TUFNELL, William (1769-1809), of Chichester, Suss. and Barnsbury, Mdx.
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Family and Education
bap. 4 May 1769, 1st s. of George Forster Tufnell† of Chichester by 2nd w. Mary, da. of John Farhill of Chichester. educ. St. John’s, Camb. 1787; M. Temple 1791, called 1795. m. 24 May 1804, Mary, da. and event. coh. of Thomas Carleton of Carleton, Cumb., 2s. 1da. suc. fa. 1798.
Lt. E. Mdx. militia 1793.
Tufnell’s grandfather, Samuel Tufnell of Langleys, Essex, sat for Colchester 1727-34 and his father and uncle represented Beverley in turn: in fact, according to the family historian, ‘since 1640 every generation, with one exception, has produced its Members of Parliament’.1 William Tufnell was called to the bar, but appeared in the law lists only briefly, at 6 Grays Inn Square. In 1802 he made inquiries about a possible opening at Lewes, where he had practised at sessions, but not necessarily for himself: he seems rather to have contemplated standing for Colchester, but demurred because he had left it too late. In 1806 he stood for Colchester as a friend of the Grenville administration: when the Prince of Wales tried to promote the candidature of another man, Thomas Creevey, by his own account, thwarted it by letting the Prince have ‘a bill of fare of Tuffy’s merits and pretensions’.2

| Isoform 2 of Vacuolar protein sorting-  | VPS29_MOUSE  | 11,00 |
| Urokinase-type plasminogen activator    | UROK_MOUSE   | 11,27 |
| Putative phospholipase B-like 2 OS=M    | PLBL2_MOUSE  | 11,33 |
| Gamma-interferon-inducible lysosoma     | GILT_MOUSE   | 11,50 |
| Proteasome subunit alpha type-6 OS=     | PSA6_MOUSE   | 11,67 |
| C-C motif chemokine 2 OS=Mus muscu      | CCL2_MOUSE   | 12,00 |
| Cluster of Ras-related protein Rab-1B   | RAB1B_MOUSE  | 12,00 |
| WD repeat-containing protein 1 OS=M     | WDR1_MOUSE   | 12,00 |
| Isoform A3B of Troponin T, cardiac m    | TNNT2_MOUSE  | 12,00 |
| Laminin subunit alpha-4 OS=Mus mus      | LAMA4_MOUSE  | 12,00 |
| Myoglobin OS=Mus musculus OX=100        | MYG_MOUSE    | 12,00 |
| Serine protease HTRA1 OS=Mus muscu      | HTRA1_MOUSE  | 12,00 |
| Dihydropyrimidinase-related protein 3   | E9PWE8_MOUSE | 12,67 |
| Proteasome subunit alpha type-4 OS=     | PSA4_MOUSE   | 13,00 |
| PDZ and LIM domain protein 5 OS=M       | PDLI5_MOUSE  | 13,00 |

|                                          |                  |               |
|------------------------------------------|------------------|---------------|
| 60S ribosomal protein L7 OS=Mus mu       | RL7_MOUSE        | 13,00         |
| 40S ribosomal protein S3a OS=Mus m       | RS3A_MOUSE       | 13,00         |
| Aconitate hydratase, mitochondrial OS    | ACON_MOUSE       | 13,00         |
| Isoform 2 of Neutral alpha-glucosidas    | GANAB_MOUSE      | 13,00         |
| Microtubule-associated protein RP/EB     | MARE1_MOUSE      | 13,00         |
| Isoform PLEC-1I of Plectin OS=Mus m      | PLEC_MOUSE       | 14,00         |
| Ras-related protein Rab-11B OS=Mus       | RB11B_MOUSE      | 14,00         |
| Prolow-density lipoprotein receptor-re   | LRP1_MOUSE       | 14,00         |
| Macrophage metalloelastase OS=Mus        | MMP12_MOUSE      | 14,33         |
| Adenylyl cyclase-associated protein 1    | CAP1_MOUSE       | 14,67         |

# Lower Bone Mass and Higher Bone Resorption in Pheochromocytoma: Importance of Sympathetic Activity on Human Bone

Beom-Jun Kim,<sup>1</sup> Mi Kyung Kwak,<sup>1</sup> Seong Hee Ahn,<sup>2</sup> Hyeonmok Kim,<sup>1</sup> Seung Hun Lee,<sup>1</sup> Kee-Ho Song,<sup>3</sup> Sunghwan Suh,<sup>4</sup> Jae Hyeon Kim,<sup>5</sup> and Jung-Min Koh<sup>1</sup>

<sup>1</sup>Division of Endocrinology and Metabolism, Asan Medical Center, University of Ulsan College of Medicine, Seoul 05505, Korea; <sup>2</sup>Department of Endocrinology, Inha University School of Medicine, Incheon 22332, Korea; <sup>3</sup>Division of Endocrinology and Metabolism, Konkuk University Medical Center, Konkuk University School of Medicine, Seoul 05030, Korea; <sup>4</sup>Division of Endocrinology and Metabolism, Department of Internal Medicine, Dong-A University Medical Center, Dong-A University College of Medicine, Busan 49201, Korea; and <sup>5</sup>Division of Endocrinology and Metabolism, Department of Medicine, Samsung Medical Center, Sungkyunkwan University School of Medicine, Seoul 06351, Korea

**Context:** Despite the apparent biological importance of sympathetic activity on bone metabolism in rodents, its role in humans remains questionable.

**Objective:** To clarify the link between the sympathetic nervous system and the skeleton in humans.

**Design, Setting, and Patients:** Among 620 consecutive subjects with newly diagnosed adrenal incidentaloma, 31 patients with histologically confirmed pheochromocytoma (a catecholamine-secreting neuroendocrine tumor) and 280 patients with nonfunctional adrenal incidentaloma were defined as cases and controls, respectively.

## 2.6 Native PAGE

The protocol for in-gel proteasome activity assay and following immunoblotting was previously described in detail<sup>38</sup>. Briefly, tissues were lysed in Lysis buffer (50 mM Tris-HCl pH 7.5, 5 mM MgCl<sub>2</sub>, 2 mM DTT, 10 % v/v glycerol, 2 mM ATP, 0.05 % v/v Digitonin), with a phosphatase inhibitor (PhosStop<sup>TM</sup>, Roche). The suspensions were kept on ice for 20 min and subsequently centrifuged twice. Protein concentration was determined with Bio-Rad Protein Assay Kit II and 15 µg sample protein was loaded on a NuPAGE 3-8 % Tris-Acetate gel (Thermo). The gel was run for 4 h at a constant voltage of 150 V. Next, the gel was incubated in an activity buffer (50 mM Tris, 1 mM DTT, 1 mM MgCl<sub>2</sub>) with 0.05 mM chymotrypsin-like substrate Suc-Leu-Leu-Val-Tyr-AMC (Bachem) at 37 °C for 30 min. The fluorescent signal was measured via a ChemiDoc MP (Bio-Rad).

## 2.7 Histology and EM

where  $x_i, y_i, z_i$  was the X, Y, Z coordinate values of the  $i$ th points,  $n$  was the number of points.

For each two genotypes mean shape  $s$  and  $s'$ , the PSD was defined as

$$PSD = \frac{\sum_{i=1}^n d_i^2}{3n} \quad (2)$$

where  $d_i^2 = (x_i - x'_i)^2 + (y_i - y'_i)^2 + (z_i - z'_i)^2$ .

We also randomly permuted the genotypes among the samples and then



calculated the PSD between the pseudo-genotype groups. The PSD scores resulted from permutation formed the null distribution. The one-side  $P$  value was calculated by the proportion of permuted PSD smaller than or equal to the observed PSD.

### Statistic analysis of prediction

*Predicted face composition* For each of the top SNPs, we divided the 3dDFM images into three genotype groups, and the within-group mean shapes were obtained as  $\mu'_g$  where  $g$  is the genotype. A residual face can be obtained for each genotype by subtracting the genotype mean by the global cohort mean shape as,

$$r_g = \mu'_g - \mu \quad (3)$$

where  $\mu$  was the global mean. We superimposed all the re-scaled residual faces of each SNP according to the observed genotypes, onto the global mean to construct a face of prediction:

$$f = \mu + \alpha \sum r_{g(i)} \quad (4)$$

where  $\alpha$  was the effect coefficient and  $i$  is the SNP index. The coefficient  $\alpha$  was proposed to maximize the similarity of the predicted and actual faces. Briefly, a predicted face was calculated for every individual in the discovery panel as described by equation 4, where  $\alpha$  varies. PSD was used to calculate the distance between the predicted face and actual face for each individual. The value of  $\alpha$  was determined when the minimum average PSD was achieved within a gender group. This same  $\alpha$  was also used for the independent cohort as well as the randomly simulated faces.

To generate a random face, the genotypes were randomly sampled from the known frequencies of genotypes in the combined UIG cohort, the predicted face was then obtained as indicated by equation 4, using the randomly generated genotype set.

All Tufnell’s family were employed in securing his success, after which he proceeded to Brentford to propose Byng for Middlesex.3 He was listed as a staunch supporter of the abolition of the slave trade. He supported ministers to the end, defending Brand’s motion against the King’s replacement of them, 9 Apr. 1807, on the grounds that it would discourage the allies and raise the hopes of the enemy, besides which ‘ministers appointed by the crown should possess the confidence of both the aristocracy and the democracy of the country’, which the new administration did not, owing its appointment to a dangerous use of the royal prerogative. Only one other speech of his is known, 18 Mar. 1807: he attempted, unsuccessfully, to secure the recommittal of the forfeited estates bill.
Tufnell did not come forward at Colchester in 1807, being replaced by his younger brother Col. John Charles Tufnell. The latter was heavily defeated and the victim of a ‘No Popery’ cry. William Tufnell died ‘of a complaint in his bowels’, 26 Apr. 1809, aged 40. His son Henry was a prominent Member of Parliament later.4